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The Pros and Cons of Drinking Coffee
Whether dark, blonde, decaf, or espresso, your daily cup of coffee carries some unexpected health benefits. Just remember to enjoy your java in moderation.
The debate has lasted for years: Is coffee actually good for you, or is it just a vehicle for cream and sugar? The truth lies somewhere in the middle. Scientists have found many health benefits linked to coffee consumption, but it’s important to keep an eye on the amount you drink each day.
In the early 1990s, the International Agency for Research on Cancer (IARC) labeled coffee a possible cancer-causing agent, but the agency has since changed its tune. In 2016, the IARC dropped coffee from its list of possible carcinogens after studies found the beverage had no concrete link to bladder, breast, prostate, or pancreatic cancer.
Coffee has been linked to many health benefits, including:
- Prevention of cell damage and improved blood sugar control, thanks to antioxidants
- Increased alertness and concentration due to caffeine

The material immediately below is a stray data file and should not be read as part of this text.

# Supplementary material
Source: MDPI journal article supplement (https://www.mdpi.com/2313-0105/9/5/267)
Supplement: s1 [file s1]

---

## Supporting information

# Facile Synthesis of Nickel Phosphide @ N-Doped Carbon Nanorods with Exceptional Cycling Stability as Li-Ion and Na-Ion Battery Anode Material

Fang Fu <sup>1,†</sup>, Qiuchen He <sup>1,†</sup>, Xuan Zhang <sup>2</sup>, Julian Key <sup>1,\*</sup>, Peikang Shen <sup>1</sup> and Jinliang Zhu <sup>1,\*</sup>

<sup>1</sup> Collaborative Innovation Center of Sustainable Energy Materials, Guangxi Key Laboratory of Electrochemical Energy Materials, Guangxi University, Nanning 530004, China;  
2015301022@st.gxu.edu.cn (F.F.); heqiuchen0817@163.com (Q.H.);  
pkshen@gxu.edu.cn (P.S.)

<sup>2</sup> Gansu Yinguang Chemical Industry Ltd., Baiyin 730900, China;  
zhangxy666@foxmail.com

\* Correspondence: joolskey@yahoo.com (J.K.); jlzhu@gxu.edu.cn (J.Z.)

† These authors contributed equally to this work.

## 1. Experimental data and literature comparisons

- Protection against gallstones
- Reduced risk of Type 2 diabetes, heart disease, stroke, Parkinson’s disease, and Alzheimer’s disease
Despite coffee’s health benefits, it’s important not to overdo it with your daily intake. If you like your coffee with cream and sugar, the added calories can add up quickly. The caffeine in coffee can also be detrimental to your health if you drink too much of it. Tolerance levels vary by person, however, and different amounts can cause negative side effects.
Health risks from coffee include:
- Caffeine withdrawal if you decide to stop drinking coffee, which can cause headaches, irritability, drowsiness, and nausea
- Insomnia, headaches, dizziness, restlessness, rapid heart rhythm, dehydration, or anxiety if you consume too much caffeine
- Weight gain due to calories from milk, cream, and sugar, which can increase your risk of Type 2 diabetes, heart disease, and certain cancers
If you regularly consume one to three cups of mildly sweetened or unsweetened coffee in the morning or early afternoon, you’re likely reaping a few benefits. However, if you’re not a coffee drinker, don’t fret. You can gain many of the same health benefits by consuming a diet rich in fruits and vegetables and pursuing an active lifestyle.
Have you given up coffee and are now experiencing severe symptoms you think may be from caffeine-withdrawal? Schedule an appointment with your primary care provider.